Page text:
I don’t know if you’ve noticed, but capitalism in a crashing market is not as much fun as capitalism on the way up. It can be hard on manners, mood and general decorum as you watch those Pina Colada’s melt away with each new bar graph.
Fortunately, I have never been burdened with sufficient surplus
funds to get me into any kind of real trouble. My brief, almost accidental forays into the market have been so absurdly unsuccessful, it is a natural safety harness. I prefer to lose my money making bets on actually buying or starting new companies, than trying to figure out how well someone else is going to do in their business.
That doesn’t mean I don’t get to live on this roller coaster with the rest of you. The psychology of the markets always trickles down to the rest of us civilians and that is happening now.
I have this little investment that is getting littler by the minute called March Networks. I got the shares as part of the consideration for a business I sold some years ago. A couple of years after the transaction, the shares were worthless.
I didn’t feel badly about the value at the time because I knew the risk, which is why I sold the business in the first place. Then the company changed management, got a life, and went public at $11 a share. This was a miracle and I was thankful.
I was so thankful I sold half those shares immediately and the next day the shares started to make an inexorable climb to $39.
I found it hard to feel good about the 11 dollars a share, which was a gift from heaven after witnessing the 39 dollars a share I was missing on the half I had sold.
When it got to $39, I knew it was time to sell. I called to give the sell order to my stockbroker and he said hang on. You don’t need to sell he said and you should always have some speculation in your portfolio. I neglected to tell him I had no portfolio. I just said there is no way the stock is worth $39 or would be in my life time again and then took his advice and kept it. There is no solace in being right.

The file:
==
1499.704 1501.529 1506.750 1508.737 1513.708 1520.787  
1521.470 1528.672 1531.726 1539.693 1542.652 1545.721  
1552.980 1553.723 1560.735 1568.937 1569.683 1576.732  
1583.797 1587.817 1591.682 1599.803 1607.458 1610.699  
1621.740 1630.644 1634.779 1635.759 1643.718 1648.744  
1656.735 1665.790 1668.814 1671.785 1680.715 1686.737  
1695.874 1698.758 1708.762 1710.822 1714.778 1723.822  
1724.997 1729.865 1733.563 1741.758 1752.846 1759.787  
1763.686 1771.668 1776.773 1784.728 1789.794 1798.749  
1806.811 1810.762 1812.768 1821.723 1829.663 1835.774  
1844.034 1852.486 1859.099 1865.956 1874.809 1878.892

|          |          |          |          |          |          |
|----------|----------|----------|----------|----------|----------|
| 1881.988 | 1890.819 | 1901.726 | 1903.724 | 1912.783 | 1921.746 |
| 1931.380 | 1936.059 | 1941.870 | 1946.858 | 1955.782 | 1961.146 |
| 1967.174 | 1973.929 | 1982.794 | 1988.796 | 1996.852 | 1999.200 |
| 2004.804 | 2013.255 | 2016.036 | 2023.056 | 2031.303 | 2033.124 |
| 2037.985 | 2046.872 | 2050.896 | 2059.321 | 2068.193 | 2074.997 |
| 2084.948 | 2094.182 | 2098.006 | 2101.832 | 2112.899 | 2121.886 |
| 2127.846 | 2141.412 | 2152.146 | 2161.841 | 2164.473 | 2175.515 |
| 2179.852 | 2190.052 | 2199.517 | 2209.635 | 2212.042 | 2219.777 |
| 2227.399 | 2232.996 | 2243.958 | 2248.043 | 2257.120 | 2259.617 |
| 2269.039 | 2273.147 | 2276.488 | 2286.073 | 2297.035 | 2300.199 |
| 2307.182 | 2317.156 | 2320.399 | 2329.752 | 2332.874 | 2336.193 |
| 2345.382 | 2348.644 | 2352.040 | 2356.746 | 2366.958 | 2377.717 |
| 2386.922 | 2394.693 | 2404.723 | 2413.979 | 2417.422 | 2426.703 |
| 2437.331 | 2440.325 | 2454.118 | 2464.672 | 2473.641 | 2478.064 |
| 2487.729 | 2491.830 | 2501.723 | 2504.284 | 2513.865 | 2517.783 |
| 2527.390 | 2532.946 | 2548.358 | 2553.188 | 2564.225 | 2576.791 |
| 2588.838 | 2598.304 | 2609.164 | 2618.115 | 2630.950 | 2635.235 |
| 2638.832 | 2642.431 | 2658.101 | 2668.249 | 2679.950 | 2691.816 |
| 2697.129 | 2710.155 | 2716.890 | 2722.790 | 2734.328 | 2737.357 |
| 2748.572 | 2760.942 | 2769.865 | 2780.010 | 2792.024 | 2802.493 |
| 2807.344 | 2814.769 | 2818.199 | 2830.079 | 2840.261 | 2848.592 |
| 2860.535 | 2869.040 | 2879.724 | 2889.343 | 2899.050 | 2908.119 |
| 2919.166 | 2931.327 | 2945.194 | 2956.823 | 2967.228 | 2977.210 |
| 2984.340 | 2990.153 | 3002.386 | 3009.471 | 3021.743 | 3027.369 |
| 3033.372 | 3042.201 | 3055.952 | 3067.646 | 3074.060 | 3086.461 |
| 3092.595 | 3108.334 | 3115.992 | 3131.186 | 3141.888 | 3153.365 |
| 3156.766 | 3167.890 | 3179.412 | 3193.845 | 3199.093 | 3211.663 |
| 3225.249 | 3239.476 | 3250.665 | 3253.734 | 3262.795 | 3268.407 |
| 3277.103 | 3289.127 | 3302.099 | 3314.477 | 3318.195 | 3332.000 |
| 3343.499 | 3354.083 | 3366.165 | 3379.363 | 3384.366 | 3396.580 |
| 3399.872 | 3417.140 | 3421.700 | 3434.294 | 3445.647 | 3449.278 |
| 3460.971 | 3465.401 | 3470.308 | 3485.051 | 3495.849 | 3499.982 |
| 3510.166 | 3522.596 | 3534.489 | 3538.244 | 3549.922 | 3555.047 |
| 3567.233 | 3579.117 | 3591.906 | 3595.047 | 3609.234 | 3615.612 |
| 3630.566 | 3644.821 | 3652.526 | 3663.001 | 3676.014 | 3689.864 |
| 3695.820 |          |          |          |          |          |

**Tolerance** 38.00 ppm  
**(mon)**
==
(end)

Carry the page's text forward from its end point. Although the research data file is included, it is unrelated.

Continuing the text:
The other day as it slid down past $8.50 (probably five bucks by the time you read this), I declined to calculate how much I had left on the table, but as you can imagine for a man of modest means it was not inconsiderable. I’ve decided to ride it as low as she goes because although it would make sense to sell it now and cut my losses I would need therapy if it ever goes back up to $39.
Anyway, my day was not half as distressing as my friend Pierre Karl Péladeau, owner of Quebecor. Well, I say friend in the formal sense. I spent a day with him in my car 15 years ago traveling to southern Ontario, looking at some 20 newspapers I owned at the time, which were for sale and which he was interested in buying, although not at the price I was asking. As I recall, of course I recall, the markets had plummeted much like today and my manners were being tested.
Since that drive, Pierre has been busy buying stuff and he now owns more than 200 newspapers in Canada including the Sudbury Star. Although the paper side has gone well the value on the printing side of Quebecor (Quebecor World) has been destroyed. What was worth $40 a share a few years ago is worth nothing today. The company has sought court protection.
I’ve always admired the idea of markets, but the problem is they are run by people.
Even at a farmers market down the road where the first bushel of apples on Saturday morning is $38, the last price of the day will either be $55 a bushel because everybody is making apple pie or $10 a bushel because it snowed, and no one showed up. Markets don’t lie, they just get distorted. The farmer in the end does not want to go home with perishable stuff. Come early and you pay a fair price that has a reasonable relationship to the cost of goods or come late and you get hosed or you get a deal.
Brutal but efficient. Tip. If Mick Davis (chairman of Xstrata plc) says it is time to sell. Sell. Even Mick might have missed the $39 moment this time round. We’ll see. Happy Capitalism.
Laurentian Media Group